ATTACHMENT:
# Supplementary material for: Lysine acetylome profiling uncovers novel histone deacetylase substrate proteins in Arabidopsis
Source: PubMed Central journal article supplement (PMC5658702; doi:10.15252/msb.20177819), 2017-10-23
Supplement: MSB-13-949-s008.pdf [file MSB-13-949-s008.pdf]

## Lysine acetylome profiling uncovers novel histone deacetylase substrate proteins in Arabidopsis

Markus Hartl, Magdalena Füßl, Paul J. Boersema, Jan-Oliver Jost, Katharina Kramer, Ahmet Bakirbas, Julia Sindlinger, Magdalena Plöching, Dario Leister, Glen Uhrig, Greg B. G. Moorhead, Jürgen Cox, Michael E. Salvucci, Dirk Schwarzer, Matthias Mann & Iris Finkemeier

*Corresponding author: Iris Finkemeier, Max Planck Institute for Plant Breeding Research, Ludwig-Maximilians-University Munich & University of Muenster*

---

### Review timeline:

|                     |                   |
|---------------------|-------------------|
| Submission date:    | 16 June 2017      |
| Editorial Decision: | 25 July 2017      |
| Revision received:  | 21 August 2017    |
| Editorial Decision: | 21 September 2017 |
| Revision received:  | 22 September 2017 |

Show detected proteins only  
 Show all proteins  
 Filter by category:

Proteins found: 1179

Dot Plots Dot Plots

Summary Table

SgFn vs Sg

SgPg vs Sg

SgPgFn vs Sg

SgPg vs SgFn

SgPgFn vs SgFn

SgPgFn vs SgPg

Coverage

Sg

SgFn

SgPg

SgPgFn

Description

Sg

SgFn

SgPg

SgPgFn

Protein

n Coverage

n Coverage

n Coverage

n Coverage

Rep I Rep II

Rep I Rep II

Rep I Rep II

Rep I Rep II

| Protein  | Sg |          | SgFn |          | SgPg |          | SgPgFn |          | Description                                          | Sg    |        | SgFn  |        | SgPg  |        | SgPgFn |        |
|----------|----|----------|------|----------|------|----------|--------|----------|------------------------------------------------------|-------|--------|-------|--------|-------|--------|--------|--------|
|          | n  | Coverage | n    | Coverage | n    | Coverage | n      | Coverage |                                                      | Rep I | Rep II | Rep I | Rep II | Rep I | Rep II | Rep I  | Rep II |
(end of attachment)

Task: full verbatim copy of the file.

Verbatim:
# Supplementary material for: Lysine acetylome profiling uncovers novel histone deacetylase substrate proteins in Arabidopsis
Source: PubMed Central journal article supplement (PMC5658702; doi:10.15252/msb.20177819), 2017-10-23
Supplement: MSB-13-949-s008.pdf [file MSB-13-949-s008.pdf]

## Lysine acetylome profiling uncovers novel histone deacetylase substrate proteins in Arabidopsis

Markus Hartl, Magdalena Füßl, Paul J. Boersema, Jan-Oliver Jost, Katharina Kramer, Ahmet Bakirbas, Julia Sindlinger, Magdalena Plöching, Dario Leister, Glen Uhrig, Greg B. G. Moorhead, Jürgen Cox, Michael E. Salvucci, Dirk Schwarzer, Matthias Mann & Iris Finkemeier

*Corresponding author: Iris Finkemeier, Max Planck Institute for Plant Breeding Research, Ludwig-Maximilians-University Munich & University of Muenster*

---

### Review timeline:

|                     |                   |
|---------------------|-------------------|
| Submission date:    | 16 June 2017      |
| Editorial Decision: | 25 July 2017      |
| Revision received:  | 21 August 2017    |
| Editorial Decision: | 21 September 2017 |
| Revision received:  | 22 September 2017 |

Show detected proteins only  
 Show all proteins  
 Filter by category:

Proteins found: 1179

Dot Plots Dot Plots

Summary Table

SgFn vs Sg

SgPg vs Sg

SgPgFn vs Sg

SgPg vs SgFn

SgPgFn vs SgFn

SgPgFn vs SgPg

Coverage

Sg

SgFn

SgPg

SgPgFn

Description

Sg

SgFn

SgPg

SgPgFn

Protein

n Coverage

n Coverage

n Coverage

n Coverage

Rep I Rep II

Rep I Rep II

Rep I Rep II

Rep I Rep II

| Protein  | Sg |          | SgFn |          | SgPg |          | SgPgFn |          | Description                                          | Sg    |        | SgFn  |        | SgPg  |        | SgPgFn |        |
|----------|----|----------|------|----------|------|----------|--------|----------|------------------------------------------------------|-------|--------|-------|--------|-------|--------|--------|--------|
|          | n  | Coverage | n    | Coverage | n    | Coverage | n      | Coverage |                                                      | Rep I | Rep II | Rep I | Rep II | Rep I | Rep II | Rep I  | Rep II |